Friday, September 23, 2005

Lucky enough

I read something a while ago and it affected me about to save the words but not the source, so forgive me for not acknowleging that person.

" standing respectfully and faithfully at the borders of another’s solitude, we may mediate the love of God to a person who needs something deeper than any human being can give."

Ten years ago I lost a child to circumstances beyond my control, and today I am reminded of that loss. The parents and families of the lost and found children, the children of lost parents, they all need this love.

Terry Gross interviewed Alice Seibold last Friday, and I didn't realize how deeply that has affected me all week, the strangeness of not feeling inside one's own skin but rather hovering just above the place where your body goes through the day with deliberate and determined movements. Driving in the car, now... now? time to eat the food. Again, the rote memory of hurricane preparation, waiting quietly, wondering if my luck will wear out.

Loss? You know that everyone around you wants to do something to help you, but they don't know what that is. You don't know what that is. You go forward with your life and your loss lives with you, all of the time, but slowly you being to feel moreembeddedd in yourself, less like you're swimming through muffled distraction to focus on getting through a day. Then you get through more days which become years. But for those who have lost more than a child, or children but whole histories of lives together, homes...It'ss something unimaginable and nearly unspeakable, even having an idea of being the walking wounded.

So yes give to the Red Cross, and volunteer if you have time, and hire people who are displaced if you're in a position to do so, and pray...Butt sometimes just close your eyes and thing about the dead and that they miss the living, too. It is a strange kind of comfort.

Tuesday, September 20, 2005

raising the roof

The neighbors behind us are losing thier roof. The sustained winds are still around 53 - 55, which can whip unfastened tin around in an alarmingly noisy fashion.
We drove to one of the offices to see whatup, and all is good, but someone shot a bottle rocket at the car from the 2nd floor balcony. Which looked like wires hitting the street. Which scared me. Which then made me angry, because I don't need extra crap to be scared of, plus I had my 6 year old in the car and it scared her, which made me call the police because people who do that kind of crap need a live wire to actually break loose and touch down on thier porch with 3" of water on it.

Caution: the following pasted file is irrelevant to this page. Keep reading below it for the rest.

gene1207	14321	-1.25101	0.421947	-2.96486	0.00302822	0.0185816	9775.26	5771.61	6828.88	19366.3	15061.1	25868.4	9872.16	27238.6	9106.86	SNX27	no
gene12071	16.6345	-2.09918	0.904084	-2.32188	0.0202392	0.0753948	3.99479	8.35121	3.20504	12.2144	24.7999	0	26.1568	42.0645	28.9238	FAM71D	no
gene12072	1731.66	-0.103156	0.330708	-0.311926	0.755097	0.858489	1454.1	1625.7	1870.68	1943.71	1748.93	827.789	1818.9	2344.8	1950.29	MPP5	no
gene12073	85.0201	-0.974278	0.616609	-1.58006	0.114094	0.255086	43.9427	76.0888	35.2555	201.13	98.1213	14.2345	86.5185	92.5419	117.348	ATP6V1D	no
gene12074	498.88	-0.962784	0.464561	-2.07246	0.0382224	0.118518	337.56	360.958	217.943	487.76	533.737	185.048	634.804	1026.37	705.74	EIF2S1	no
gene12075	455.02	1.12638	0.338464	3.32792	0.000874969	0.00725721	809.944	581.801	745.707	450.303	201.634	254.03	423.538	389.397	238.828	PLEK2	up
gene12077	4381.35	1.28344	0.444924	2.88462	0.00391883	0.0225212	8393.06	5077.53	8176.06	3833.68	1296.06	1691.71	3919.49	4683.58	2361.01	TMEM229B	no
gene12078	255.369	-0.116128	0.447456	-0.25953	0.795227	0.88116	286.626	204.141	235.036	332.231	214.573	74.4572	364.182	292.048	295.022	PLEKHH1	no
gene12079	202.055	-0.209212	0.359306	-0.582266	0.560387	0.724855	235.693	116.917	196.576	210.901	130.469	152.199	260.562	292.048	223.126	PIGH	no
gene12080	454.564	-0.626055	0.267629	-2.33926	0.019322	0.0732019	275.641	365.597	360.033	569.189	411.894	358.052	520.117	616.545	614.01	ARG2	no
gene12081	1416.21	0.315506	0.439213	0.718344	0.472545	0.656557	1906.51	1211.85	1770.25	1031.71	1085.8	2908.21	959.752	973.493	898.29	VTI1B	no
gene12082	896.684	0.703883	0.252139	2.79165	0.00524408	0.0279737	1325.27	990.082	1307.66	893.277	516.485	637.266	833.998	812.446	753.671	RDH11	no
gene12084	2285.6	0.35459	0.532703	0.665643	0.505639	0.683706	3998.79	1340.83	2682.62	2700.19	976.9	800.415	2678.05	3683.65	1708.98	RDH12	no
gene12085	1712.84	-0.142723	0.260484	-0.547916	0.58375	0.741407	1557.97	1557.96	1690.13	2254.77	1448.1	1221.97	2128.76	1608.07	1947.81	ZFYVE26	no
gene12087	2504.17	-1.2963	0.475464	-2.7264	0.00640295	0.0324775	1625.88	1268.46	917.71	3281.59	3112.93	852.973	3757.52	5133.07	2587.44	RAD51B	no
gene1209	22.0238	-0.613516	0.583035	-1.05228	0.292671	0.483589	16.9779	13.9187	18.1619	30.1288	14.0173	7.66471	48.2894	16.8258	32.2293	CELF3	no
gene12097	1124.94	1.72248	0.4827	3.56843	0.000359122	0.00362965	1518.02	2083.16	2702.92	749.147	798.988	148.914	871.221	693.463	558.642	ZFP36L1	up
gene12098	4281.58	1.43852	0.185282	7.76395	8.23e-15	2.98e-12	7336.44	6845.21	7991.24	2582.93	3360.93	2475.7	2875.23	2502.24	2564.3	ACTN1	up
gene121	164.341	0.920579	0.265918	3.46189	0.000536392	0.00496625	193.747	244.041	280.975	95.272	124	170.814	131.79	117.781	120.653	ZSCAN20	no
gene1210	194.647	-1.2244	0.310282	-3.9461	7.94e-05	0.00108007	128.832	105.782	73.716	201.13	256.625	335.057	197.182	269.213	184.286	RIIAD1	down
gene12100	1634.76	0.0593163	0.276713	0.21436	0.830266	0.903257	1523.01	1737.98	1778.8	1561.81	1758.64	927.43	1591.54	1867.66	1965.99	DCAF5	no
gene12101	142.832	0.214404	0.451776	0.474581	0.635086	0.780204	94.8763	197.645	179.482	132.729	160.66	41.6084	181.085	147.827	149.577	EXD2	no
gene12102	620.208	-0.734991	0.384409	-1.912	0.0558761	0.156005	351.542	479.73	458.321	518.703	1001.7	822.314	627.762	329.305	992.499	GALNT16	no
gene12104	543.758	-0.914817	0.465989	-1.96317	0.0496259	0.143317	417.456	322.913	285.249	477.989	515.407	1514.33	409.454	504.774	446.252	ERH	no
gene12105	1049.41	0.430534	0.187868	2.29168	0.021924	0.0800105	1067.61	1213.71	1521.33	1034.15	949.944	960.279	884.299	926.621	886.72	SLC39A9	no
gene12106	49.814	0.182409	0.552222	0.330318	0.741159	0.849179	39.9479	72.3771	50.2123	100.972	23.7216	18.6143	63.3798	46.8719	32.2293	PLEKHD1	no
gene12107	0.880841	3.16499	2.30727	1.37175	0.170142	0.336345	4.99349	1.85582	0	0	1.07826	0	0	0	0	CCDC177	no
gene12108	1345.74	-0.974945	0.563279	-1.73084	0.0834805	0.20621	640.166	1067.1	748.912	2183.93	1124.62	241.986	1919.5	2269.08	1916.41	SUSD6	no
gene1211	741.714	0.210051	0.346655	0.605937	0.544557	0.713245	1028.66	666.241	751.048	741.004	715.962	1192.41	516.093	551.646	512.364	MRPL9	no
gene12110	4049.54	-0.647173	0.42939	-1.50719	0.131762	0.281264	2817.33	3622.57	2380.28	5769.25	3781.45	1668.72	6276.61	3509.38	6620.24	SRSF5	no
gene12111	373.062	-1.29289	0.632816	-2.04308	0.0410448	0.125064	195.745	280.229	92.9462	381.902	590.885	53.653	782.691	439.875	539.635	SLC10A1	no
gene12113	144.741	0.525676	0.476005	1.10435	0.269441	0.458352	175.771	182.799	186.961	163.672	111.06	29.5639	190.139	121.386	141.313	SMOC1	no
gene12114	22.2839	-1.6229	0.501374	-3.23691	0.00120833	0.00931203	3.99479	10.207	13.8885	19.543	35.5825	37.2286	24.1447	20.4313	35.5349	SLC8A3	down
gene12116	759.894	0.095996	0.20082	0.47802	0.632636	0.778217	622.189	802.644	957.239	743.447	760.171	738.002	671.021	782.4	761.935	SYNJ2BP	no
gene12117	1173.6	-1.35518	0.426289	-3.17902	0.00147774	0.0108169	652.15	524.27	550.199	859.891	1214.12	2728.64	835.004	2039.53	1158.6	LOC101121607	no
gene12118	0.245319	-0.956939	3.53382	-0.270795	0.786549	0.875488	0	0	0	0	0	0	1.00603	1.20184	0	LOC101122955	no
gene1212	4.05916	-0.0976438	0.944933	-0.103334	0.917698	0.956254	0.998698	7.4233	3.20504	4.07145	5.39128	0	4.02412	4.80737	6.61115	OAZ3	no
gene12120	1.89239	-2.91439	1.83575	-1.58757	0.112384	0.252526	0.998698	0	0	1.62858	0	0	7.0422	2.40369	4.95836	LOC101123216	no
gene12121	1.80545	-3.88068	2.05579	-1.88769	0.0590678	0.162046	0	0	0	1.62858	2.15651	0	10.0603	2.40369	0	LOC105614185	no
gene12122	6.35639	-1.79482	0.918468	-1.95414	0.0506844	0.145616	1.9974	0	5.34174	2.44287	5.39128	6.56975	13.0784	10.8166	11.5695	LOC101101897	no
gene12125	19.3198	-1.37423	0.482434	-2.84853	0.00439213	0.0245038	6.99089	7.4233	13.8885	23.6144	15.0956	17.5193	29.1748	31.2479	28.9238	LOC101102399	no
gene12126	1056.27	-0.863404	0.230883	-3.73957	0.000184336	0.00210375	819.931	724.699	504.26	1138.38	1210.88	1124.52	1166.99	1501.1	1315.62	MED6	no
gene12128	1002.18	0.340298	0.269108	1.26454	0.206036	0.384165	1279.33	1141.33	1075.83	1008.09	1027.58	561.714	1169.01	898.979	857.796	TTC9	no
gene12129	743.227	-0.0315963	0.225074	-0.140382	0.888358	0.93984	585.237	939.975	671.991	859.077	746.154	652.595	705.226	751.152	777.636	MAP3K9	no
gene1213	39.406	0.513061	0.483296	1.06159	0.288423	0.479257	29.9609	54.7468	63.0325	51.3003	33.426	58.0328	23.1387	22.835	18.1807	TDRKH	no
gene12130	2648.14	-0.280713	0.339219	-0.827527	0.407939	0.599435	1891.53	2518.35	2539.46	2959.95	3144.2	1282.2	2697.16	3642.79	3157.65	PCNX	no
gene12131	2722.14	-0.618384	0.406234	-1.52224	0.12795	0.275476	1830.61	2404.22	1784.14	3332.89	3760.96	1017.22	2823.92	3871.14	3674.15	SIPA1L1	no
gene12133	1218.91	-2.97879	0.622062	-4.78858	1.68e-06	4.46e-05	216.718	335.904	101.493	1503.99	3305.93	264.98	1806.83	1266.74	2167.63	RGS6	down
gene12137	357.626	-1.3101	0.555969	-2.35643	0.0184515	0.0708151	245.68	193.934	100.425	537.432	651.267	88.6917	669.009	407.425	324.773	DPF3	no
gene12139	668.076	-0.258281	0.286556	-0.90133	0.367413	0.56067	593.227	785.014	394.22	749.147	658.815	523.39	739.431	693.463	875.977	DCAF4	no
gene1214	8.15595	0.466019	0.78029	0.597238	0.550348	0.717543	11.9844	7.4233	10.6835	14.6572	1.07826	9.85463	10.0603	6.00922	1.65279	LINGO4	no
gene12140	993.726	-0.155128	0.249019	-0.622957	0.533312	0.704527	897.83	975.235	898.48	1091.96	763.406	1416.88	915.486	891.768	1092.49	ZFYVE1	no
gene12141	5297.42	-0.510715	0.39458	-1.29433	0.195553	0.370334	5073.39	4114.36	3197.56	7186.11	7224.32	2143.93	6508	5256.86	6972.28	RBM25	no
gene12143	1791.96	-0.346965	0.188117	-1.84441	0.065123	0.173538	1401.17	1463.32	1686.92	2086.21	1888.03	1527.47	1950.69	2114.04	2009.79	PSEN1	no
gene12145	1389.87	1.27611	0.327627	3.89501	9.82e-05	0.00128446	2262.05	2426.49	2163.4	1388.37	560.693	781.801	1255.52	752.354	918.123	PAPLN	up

There are more problems in town now than earlier, but it's funny because CNN isn't in the ghetto, so "everythings fine!".

In the middle

We are clearly in what is the worst of the storm, yet still have power at this time. It's really windy, REALLY windy, but a lot less rain than Katrina. Keeping all of our parts crossed that the power stays on.
The yard damage is at a minimum in our yard, no doubt thanks to the trimming we've been doing for the last few weeks. It's hard to say when I will be able to access my office, as the road is under a storm surge, and we won't know about US 1 until later when the storm passes, but feeling pretty lucky.

Matecumbe Key

US 1 is closed down at mile marker 74. The eyewall is wrapping around and the eye is wobbling, which can mean different things. There is water coming in from the Gulf and the Atlantic, which is made a bit weirder with a high tide. Not sure what it all means but we still have power.
Turn off weather bug when you're in a hurricane.

Lovely Rita...

So we've lost power several times but it's been what one can only assume is temporarily restored. Looking at the radar and from the looks of things outside, these are no longer bands but rather the storm beginning to move in.
So we are 4 of the half of Key Westers who have decided to stay - from the behavior of drivers and shoppers yesterday, we decided we were safer in our concrete home than on the roads with the crazies.
We'll check in later. Just lost the sattelite signal.

Friday, September 09, 2005

High Heels on Wheels Stopped by Deputies
Now it only takes a little bit of investigation to determine it was this guy, "The 53-year-old man, who was dressed in a semi-transparent pink dress and high heels, told the deputies that he avoided them because he was embarrassed about the way he was dressed, Herrin said."

I love living here.